Pepper spray can be an effective self-defense tool. However, there are some usage, personal safety and legal considerations many pepper-spray users (especially online customers) may not be aware of.
Tear gas and pepper spray use different irritants, but they both are intended to incapacitate. THEY CAN INCAPACITATE THE USER JUST AS EASILY AS THE TARGET.
I have been tear-gassed. It was a required element of my military training. We walked into the tear-gas filled training chamber with our gas masks on. A competent and insistent sergeant them made sure we took them off for the required three minutes. Those of us with better breath-holding skills than others were given a not so friendly punch to make sure we received the full benefit of the training exercise. Those three minutes were incredibly long ones, and I can attest the after effects persisted until the next day.
Some things to think about:
There are various legal limits* on both the possession (fact of and amount) and the concentration of oleoresin capsicum, the active ingredient in pepper spray. Ten percent seems to be a common legal limit in the US — 17% can be acquired online (sometimes referred to as “Hot,” “Bear,” “Dog,” etc.) This is another of those “know before you go” issues.
As an oily liquid, sprayed upwind, pepper spray may leave the user incapable of further self-defense from blow-back. Waiting for an attacker to be suitably downwind may be impossible. Pepper sprays are available in gel and foam formulations which reduce the likelihood of blow-back in a breeze and pose a worse removal problem for an attacker — but they require good aim under stress.
There are pistol configuration pepper spray devices that may help with the aiming issues, but they look like pistols (mini-flare guns) and may invite a firearm response before they are even employed.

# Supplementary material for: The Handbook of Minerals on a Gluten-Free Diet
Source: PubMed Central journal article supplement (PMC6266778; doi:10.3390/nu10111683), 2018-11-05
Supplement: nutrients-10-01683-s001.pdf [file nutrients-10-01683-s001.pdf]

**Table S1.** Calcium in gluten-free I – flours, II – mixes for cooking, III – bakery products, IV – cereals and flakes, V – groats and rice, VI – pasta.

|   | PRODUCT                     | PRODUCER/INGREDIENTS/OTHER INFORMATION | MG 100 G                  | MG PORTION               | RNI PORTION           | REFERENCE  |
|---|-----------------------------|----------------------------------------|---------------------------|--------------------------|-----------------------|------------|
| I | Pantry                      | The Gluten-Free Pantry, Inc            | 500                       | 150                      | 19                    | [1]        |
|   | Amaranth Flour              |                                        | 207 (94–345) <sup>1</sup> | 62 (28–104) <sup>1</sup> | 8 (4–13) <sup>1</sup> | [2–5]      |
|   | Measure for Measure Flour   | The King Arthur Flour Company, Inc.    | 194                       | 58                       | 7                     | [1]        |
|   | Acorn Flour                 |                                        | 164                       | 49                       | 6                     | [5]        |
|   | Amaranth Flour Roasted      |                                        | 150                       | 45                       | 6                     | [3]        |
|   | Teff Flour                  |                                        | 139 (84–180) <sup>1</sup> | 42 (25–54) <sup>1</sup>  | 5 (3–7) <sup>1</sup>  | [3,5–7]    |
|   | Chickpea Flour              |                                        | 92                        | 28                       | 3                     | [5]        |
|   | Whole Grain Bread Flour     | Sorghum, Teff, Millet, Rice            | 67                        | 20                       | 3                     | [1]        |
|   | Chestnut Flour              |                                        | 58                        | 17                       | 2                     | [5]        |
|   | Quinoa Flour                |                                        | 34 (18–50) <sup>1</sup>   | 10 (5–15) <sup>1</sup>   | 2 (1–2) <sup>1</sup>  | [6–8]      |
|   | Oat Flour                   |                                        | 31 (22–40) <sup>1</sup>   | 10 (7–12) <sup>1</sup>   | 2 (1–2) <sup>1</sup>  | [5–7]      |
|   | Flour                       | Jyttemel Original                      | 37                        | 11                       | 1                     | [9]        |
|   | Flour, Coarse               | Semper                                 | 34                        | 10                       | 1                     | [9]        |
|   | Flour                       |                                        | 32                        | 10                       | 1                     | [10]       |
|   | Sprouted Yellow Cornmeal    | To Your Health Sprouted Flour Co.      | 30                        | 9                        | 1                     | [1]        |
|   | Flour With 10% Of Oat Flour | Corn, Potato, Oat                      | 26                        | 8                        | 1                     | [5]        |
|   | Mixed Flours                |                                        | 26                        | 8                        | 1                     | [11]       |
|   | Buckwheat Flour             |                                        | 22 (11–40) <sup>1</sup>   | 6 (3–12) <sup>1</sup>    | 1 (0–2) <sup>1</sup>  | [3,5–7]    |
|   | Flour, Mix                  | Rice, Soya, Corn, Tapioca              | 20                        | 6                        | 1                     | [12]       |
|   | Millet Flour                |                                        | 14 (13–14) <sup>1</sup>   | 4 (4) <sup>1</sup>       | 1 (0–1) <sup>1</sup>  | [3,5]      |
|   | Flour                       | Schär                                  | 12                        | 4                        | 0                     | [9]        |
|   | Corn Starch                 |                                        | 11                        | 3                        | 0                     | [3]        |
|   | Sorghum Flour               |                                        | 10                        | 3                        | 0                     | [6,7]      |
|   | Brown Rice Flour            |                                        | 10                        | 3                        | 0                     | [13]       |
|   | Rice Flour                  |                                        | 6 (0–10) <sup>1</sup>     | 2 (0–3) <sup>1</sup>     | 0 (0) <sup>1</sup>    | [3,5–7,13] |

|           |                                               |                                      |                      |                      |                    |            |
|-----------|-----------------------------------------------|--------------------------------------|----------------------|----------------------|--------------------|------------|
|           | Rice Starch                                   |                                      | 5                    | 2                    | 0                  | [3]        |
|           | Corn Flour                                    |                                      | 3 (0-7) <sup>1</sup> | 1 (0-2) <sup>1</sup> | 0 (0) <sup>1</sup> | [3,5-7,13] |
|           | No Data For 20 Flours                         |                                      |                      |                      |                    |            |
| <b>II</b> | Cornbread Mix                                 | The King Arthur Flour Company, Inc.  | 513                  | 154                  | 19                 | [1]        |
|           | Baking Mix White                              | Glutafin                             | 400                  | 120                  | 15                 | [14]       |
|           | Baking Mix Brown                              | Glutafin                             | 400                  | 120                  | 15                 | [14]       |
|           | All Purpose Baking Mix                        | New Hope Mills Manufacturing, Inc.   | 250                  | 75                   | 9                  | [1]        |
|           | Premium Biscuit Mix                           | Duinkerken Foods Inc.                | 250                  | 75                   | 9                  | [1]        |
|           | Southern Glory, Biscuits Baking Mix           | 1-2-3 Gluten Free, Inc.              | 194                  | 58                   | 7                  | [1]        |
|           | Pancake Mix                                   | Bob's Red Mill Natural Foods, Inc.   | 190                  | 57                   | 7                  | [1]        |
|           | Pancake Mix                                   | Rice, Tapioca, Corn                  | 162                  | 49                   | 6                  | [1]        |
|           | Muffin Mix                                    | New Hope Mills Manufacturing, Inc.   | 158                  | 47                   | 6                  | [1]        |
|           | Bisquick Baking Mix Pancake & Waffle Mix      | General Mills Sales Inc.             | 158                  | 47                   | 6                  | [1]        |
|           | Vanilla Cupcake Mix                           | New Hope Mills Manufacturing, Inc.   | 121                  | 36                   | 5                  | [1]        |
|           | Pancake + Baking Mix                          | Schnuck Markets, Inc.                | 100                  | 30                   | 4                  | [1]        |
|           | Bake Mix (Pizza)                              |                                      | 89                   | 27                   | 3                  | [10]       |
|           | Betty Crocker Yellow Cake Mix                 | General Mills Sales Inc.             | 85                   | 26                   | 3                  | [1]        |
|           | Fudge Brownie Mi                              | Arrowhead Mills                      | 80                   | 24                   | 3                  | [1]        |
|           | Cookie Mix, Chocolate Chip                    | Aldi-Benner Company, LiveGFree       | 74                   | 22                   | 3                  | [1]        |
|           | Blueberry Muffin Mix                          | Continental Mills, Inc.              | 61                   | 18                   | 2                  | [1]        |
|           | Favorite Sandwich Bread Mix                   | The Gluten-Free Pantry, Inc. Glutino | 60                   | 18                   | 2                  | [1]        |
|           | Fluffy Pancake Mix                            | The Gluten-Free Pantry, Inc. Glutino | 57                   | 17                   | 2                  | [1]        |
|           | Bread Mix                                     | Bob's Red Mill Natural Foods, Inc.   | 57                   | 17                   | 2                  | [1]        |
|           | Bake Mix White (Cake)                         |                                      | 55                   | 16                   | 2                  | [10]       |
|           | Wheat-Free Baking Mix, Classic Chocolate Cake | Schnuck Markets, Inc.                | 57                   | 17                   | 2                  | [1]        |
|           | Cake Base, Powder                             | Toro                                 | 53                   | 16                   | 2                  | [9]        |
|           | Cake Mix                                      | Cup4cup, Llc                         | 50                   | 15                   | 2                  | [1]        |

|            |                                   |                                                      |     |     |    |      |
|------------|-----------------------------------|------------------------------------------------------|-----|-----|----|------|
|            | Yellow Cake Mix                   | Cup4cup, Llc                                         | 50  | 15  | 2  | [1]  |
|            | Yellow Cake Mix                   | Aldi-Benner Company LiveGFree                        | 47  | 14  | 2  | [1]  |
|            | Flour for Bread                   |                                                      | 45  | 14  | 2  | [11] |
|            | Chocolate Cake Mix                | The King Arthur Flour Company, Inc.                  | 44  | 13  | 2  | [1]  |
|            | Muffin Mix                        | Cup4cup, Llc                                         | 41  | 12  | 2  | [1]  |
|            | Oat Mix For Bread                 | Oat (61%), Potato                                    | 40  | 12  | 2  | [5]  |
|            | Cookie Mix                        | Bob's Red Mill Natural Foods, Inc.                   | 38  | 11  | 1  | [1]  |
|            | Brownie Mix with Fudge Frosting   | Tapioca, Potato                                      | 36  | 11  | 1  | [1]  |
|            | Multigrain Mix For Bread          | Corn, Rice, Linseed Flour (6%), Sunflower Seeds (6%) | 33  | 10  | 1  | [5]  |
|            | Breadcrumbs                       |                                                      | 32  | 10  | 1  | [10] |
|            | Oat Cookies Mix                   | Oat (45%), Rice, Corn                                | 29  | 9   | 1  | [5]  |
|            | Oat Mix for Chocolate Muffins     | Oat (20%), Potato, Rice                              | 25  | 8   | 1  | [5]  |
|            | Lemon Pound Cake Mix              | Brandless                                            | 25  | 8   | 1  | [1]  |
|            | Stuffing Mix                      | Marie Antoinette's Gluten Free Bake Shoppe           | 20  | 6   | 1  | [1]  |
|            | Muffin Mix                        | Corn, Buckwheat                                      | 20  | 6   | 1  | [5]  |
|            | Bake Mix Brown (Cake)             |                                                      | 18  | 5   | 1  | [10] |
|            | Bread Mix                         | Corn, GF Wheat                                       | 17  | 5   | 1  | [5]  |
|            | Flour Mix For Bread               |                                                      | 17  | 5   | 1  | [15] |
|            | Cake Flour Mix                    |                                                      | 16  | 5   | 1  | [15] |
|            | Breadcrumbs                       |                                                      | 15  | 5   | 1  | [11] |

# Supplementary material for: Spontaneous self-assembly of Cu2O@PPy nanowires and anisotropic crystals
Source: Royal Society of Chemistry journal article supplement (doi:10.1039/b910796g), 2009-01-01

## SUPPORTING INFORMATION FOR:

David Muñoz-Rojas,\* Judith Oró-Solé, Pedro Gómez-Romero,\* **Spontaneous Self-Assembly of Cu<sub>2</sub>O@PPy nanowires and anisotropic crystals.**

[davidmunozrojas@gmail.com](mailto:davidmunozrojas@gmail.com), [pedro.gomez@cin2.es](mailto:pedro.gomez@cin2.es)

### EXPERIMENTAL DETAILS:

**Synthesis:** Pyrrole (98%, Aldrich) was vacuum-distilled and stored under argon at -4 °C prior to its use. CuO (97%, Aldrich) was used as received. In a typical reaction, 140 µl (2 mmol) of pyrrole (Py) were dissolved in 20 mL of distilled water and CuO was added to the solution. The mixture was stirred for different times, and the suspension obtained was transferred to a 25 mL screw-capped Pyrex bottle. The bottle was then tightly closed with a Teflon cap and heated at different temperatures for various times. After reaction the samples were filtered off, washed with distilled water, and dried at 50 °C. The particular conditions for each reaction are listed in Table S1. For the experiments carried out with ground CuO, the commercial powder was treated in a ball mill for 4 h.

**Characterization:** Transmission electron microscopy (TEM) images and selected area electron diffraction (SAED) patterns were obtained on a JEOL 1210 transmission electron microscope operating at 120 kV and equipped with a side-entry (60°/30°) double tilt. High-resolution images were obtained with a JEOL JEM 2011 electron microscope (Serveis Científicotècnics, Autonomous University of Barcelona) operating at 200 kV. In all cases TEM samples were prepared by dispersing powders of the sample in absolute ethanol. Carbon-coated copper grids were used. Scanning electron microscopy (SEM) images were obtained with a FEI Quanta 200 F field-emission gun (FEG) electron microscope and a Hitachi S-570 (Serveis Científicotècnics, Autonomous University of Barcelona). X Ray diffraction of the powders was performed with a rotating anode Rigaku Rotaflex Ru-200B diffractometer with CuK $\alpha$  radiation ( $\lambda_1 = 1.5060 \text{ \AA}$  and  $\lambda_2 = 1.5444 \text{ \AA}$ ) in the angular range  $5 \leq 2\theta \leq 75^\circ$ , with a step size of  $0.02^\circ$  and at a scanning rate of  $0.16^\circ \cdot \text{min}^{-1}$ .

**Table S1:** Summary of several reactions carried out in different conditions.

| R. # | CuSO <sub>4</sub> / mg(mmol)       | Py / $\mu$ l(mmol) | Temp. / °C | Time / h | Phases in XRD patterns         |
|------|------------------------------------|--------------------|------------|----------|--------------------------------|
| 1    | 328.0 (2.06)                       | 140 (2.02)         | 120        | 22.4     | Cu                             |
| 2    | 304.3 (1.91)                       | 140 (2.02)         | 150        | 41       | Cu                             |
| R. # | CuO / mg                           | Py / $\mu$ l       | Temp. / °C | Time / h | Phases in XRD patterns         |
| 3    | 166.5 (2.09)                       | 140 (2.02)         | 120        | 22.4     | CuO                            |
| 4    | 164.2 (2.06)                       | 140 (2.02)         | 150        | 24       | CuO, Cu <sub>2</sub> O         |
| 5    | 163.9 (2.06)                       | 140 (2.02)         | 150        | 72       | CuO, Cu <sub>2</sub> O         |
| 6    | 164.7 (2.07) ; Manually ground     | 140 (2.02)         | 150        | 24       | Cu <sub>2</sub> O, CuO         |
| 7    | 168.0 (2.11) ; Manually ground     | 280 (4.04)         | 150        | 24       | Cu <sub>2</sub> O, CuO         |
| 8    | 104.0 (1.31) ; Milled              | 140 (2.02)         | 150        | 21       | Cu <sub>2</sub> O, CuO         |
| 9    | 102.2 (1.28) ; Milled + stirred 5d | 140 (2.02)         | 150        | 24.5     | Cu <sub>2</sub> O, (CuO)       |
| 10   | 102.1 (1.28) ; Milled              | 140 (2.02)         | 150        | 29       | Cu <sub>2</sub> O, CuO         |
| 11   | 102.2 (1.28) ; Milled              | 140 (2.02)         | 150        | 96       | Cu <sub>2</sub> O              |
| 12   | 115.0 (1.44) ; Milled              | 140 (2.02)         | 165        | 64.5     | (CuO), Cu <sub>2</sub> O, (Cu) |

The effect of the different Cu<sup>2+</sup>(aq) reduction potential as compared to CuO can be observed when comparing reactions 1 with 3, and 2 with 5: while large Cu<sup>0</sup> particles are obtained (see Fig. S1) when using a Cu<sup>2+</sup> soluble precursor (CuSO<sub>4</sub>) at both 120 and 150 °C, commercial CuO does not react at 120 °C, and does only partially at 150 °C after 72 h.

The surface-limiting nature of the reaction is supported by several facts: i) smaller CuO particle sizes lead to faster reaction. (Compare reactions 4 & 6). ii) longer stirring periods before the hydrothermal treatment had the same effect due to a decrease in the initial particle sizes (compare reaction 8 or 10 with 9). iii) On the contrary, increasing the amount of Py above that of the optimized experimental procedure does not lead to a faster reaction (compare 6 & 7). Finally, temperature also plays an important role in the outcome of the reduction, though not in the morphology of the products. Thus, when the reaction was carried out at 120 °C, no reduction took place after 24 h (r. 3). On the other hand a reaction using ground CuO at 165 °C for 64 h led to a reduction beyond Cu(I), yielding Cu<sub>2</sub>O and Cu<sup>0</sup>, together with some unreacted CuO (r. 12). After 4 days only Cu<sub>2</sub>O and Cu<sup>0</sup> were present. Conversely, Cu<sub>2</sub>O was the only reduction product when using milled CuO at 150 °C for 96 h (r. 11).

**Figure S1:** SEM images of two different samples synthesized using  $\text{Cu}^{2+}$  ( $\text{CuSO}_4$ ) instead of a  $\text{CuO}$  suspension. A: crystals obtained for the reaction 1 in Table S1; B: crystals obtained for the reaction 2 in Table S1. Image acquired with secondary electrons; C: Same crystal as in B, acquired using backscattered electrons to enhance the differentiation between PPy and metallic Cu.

In addition to aiming issues, there is the blessing the Tsar issue — [God Bless and Keep the Tsar far away from me.] Delivering a deterrent shot of caspicum at 8-25 feet is preferable to within arm’s reach. Again, pistol configurations help, but…
Most pepper spray equipment is designed for purses and hiking trials — not marine environments. In addition to keeping the equipment secured to prevent inadvertent discharge, it needs to be protected from corrosion. A plastic bag with a desiccant pack should be fine.
If you have pepper spray aboard, everyone with access should know how to use it. […and the First Aid for exposure.]
Wasp Spray as an alternative. 😦
Some personal security gurus advocate wasp spray. These extended-range, stream sprays are oily carriers for plant-based toxins designed to destroy insect nervous system function — they are potentially dangerous in several ways. Rather than being an immediate surface irritant they are designed to be absorbed. Designed for insects they may do nothing but piss off a human malefactor. Some edge-market products may, in fact be lethal, especially to children.
*Wikipedia is not a definitive source of legal information, it has been provided as a reference for illustrative purposes only.